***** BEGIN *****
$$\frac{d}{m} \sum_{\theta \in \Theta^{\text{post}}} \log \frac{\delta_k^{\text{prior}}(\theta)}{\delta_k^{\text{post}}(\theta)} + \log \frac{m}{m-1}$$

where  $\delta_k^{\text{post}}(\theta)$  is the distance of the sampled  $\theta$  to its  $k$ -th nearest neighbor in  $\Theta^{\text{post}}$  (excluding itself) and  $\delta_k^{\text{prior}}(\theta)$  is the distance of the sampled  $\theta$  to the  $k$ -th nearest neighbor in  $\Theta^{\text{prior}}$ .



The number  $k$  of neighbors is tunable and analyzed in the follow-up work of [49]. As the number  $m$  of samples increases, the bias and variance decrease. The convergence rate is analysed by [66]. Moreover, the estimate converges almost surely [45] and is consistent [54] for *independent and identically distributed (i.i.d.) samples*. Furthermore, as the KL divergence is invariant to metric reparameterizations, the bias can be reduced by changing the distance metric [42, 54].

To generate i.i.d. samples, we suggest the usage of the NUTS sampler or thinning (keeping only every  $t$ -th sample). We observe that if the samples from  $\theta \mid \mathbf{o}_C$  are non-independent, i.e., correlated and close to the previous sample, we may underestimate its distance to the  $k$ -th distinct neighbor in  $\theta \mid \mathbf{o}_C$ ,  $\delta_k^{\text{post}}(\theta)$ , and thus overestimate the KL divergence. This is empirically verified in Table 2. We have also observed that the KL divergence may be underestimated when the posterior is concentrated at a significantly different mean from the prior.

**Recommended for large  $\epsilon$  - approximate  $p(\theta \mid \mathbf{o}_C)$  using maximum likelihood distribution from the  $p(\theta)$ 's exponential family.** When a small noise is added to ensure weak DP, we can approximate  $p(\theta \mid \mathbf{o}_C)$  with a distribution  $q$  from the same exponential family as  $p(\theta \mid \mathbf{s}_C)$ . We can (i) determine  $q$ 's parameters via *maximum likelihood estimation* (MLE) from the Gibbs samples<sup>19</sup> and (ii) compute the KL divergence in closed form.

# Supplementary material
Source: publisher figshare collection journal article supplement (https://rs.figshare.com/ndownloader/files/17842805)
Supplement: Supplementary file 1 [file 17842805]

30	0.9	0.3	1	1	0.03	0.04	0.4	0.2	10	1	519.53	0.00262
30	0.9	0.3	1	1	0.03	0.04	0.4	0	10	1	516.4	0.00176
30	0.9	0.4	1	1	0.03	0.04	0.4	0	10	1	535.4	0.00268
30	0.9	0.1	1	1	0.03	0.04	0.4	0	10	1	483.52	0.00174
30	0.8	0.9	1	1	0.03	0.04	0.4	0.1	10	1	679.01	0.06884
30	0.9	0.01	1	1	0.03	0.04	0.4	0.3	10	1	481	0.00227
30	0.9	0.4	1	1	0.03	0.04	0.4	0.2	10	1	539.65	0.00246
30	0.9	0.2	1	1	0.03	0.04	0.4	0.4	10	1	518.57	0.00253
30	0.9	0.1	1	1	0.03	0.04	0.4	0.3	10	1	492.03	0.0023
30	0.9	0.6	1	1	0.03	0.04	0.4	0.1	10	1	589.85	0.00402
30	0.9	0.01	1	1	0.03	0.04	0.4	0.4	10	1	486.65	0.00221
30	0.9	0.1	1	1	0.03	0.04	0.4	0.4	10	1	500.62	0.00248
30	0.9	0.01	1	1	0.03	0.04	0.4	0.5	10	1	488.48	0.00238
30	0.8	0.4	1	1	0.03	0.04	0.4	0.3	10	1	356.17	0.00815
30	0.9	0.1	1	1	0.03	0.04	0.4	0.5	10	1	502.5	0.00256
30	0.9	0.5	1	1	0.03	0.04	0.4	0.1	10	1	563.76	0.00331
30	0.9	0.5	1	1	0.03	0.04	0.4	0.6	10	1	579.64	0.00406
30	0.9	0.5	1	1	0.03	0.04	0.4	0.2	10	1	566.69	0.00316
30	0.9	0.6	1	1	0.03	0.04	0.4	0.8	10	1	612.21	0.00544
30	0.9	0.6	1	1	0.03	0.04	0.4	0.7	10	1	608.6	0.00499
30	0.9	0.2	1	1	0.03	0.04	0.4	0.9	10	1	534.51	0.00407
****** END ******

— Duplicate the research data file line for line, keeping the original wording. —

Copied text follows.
$$\frac{d}{m} \sum_{\theta \in \Theta^{\text{post}}} \log \frac{\delta_k^{\text{prior}}(\theta)}{\delta_k^{\text{post}}(\theta)} + \log \frac{m}{m-1}$$

where  $\delta_k^{\text{post}}(\theta)$  is the distance of the sampled  $\theta$  to its  $k$ -th nearest neighbor in  $\Theta^{\text{post}}$  (excluding itself) and  $\delta_k^{\text{prior}}(\theta)$  is the distance of the sampled  $\theta$  to the  $k$ -th nearest neighbor in  $\Theta^{\text{prior}}$ .



The number  $k$  of neighbors is tunable and analyzed in the follow-up work of [49]. As the number  $m$  of samples increases, the bias and variance decrease. The convergence rate is analysed by [66]. Moreover, the estimate converges almost surely [45] and is consistent [54] for *independent and identically distributed (i.i.d.) samples*. Furthermore, as the KL divergence is invariant to metric reparameterizations, the bias can be reduced by changing the distance metric [42, 54].

To generate i.i.d. samples, we suggest the usage of the NUTS sampler or thinning (keeping only every  $t$ -th sample). We observe that if the samples from  $\theta \mid \mathbf{o}_C$  are non-independent, i.e., correlated and close to the previous sample, we may underestimate its distance to the  $k$ -th distinct neighbor in  $\theta \mid \mathbf{o}_C$ ,  $\delta_k^{\text{post}}(\theta)$ , and thus overestimate the KL divergence. This is empirically verified in Table 2. We have also observed that the KL divergence may be underestimated when the posterior is concentrated at a significantly different mean from the prior.

**Recommended for large  $\epsilon$  - approximate  $p(\theta \mid \mathbf{o}_C)$  using maximum likelihood distribution from the  $p(\theta)$ 's exponential family.** When a small noise is added to ensure weak DP, we can approximate  $p(\theta \mid \mathbf{o}_C)$  with a distribution  $q$  from the same exponential family as  $p(\theta \mid \mathbf{s}_C)$ . We can (i) determine  $q$ 's parameters via *maximum likelihood estimation* (MLE) from the Gibbs samples<sup>19</sup> and (ii) compute the KL divergence in closed form.

# Supplementary material
Source: publisher figshare collection journal article supplement (https://rs.figshare.com/ndownloader/files/17842805)
Supplement: Supplementary file 1 [file 17842805]

30	0.9	0.3	1	1	0.03	0.04	0.4	0.2	10	1	519.53	0.00262
30	0.9	0.3	1	1	0.03	0.04	0.4	0	10	1	516.4	0.00176
30	0.9	0.4	1	1	0.03	0.04	0.4	0	10	1	535.4	0.00268
30	0.9	0.1	1	1	0.03	0.04	0.4	0	10	1	483.52	0.00174
30	0.8	0.9	1	1	0.03	0.04	0.4	0.1	10	1	679.01	0.06884
30	0.9	0.01	1	1	0.03	0.04	0.4	0.3	10	1	481	0.00227
30	0.9	0.4	1	1	0.03	0.04	0.4	0.2	10	1	539.65	0.00246
30	0.9	0.2	1	1	0.03	0.04	0.4	0.4	10	1	518.57	0.00253
30	0.9	0.1	1	1	0.03	0.04	0.4	0.3	10	1	492.03	0.0023
30	0.9	0.6	1	1	0.03	0.04	0.4	0.1	10	1	589.85	0.00402
30	0.9	0.01	1	1	0.03	0.04	0.4	0.4	10	1	486.65	0.00221
30	0.9	0.1	1	1	0.03	0.04	0.4	0.4	10	1	500.62	0.00248
30	0.9	0.01	1	1	0.03	0.04	0.4	0.5	10	1	488.48	0.00238
30	0.8	0.4	1	1	0.03	0.04	0.4	0.3	10	1	356.17	0.00815
30	0.9	0.1	1	1	0.03	0.04	0.4	0.5	10	1	502.5	0.00256
30	0.9	0.5	1	1	0.03	0.04	0.4	0.1	10	1	563.76	0.00331
30	0.9	0.5	1	1	0.03	0.04	0.4	0.6	10	1	579.64	0.00406
30	0.9	0.5	1	1	0.03	0.04	0.4	0.2	10	1	566.69	0.00316
30	0.9	0.6	1	1	0.03	0.04	0.4	0.8	10	1	612.21	0.00544
30	0.9	0.6	1	1	0.03	0.04	0.4	0.7	10	1	608.6	0.00499
30	0.9	0.2	1	1	0.03	0.04	0.4	0.9	10	1	534.51	0.00407